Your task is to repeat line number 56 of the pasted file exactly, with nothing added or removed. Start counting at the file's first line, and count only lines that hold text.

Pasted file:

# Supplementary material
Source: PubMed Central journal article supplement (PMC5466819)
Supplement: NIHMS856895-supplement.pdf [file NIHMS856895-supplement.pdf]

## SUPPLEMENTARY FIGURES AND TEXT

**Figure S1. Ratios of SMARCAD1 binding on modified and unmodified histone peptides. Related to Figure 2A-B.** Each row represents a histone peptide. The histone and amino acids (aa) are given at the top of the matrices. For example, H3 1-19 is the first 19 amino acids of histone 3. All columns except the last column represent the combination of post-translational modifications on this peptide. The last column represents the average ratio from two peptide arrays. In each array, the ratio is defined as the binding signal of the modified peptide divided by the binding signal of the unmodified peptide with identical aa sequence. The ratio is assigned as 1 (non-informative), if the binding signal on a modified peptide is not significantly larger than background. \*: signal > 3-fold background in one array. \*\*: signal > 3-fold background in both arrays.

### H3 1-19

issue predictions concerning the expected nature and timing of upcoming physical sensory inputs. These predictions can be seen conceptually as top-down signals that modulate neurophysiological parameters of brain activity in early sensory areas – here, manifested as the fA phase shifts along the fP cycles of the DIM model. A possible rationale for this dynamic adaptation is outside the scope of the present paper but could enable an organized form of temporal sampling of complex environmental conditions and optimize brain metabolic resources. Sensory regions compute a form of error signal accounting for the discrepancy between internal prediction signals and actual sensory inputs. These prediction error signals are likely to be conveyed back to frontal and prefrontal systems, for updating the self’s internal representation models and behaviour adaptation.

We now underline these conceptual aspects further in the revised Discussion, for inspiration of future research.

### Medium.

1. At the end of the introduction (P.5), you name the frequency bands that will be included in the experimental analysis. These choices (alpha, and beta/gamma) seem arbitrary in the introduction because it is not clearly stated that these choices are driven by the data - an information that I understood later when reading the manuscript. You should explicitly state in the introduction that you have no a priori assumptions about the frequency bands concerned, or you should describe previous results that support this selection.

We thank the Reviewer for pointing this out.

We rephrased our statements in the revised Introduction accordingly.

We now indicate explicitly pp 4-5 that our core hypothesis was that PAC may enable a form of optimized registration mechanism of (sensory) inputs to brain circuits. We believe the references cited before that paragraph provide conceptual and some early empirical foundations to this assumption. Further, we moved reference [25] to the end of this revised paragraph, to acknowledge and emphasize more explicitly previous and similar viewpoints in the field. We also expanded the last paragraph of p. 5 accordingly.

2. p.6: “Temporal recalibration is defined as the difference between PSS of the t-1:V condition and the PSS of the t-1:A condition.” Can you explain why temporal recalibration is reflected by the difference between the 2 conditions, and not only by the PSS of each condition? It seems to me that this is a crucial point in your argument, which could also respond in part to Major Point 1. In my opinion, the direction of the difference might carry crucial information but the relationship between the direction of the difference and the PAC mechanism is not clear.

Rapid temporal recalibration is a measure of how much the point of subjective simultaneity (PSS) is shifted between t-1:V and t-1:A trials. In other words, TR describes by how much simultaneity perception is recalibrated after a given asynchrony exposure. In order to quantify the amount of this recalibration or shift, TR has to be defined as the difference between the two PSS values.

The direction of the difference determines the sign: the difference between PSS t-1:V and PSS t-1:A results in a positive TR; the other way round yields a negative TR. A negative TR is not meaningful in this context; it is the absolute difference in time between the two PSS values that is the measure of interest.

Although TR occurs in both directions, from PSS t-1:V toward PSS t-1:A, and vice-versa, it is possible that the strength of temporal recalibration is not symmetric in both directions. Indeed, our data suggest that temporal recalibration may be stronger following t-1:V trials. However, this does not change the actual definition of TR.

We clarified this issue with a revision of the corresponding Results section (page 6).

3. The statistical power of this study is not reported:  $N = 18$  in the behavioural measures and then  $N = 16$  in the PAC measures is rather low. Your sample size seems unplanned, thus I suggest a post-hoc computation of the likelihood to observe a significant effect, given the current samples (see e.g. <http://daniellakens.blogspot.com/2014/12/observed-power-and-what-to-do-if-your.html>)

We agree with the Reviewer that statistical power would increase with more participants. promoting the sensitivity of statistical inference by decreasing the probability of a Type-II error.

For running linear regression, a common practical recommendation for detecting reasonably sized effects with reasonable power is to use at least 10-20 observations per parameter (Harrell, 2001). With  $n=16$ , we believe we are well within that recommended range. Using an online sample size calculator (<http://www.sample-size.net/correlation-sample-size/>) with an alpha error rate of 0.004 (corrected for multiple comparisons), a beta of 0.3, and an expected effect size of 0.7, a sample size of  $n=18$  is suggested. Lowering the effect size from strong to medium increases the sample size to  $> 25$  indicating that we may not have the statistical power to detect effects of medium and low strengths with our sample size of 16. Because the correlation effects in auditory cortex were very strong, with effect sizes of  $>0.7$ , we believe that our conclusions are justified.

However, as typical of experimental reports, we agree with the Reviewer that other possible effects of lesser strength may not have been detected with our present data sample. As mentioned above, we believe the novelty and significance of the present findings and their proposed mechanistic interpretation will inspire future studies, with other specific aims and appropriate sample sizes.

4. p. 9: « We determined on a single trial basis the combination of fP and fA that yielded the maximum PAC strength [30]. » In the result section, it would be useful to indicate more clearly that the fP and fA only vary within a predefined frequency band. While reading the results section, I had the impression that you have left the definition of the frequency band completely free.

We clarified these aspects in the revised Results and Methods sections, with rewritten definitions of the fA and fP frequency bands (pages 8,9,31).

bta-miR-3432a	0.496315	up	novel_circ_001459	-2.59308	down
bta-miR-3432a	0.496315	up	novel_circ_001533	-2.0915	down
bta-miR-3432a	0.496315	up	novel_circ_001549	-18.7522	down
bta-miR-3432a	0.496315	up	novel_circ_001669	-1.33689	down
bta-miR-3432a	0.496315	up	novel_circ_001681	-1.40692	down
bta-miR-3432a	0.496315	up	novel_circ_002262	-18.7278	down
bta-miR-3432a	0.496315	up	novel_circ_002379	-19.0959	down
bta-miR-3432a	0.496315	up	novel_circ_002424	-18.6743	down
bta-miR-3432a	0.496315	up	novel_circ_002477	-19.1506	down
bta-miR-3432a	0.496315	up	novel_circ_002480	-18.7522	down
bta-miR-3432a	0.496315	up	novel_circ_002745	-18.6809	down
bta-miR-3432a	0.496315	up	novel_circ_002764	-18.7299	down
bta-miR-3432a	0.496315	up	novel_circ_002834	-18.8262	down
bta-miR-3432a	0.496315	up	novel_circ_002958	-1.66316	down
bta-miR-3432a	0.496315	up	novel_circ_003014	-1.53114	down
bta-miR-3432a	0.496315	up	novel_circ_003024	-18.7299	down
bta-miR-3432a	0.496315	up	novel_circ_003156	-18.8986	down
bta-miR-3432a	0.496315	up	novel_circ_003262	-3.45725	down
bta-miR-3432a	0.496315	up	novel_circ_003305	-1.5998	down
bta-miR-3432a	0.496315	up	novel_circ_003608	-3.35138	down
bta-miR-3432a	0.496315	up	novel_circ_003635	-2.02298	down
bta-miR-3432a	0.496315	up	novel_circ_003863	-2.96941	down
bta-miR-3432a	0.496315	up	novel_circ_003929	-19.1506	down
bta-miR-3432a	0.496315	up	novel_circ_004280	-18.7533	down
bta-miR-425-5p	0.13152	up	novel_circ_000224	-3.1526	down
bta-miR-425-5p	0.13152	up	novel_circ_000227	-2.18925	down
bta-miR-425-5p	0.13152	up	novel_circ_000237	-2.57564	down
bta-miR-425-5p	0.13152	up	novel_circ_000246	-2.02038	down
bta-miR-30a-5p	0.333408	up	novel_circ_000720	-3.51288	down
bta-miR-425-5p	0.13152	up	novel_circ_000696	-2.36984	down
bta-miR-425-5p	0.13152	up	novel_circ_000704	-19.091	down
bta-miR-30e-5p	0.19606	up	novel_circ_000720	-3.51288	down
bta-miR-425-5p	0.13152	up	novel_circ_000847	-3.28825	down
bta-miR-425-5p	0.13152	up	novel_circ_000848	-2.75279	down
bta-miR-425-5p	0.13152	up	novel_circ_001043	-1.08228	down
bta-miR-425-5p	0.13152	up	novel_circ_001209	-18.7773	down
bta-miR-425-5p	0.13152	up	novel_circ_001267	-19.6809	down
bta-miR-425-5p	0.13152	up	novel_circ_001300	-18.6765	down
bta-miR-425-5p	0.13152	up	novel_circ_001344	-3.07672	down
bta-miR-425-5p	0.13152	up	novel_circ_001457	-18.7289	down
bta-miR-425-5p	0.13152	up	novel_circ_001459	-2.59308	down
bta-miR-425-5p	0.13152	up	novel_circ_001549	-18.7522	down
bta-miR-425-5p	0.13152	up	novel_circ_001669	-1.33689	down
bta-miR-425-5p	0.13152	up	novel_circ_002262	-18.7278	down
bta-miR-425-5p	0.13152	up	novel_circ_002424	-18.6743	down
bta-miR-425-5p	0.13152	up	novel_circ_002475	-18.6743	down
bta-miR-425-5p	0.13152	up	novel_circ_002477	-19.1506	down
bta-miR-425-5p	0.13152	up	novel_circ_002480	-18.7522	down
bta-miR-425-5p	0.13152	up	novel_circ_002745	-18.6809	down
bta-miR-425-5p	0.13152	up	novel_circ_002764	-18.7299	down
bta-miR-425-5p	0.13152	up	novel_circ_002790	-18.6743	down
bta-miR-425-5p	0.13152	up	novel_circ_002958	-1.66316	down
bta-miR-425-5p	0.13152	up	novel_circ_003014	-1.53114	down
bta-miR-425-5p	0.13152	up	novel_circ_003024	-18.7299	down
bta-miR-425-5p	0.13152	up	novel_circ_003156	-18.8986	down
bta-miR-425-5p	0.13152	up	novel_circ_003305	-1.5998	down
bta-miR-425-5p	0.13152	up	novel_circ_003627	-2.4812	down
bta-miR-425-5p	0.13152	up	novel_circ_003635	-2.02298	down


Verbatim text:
bta-miR-30e-5p	0.19606	up	novel_circ_000720	-3.51288	down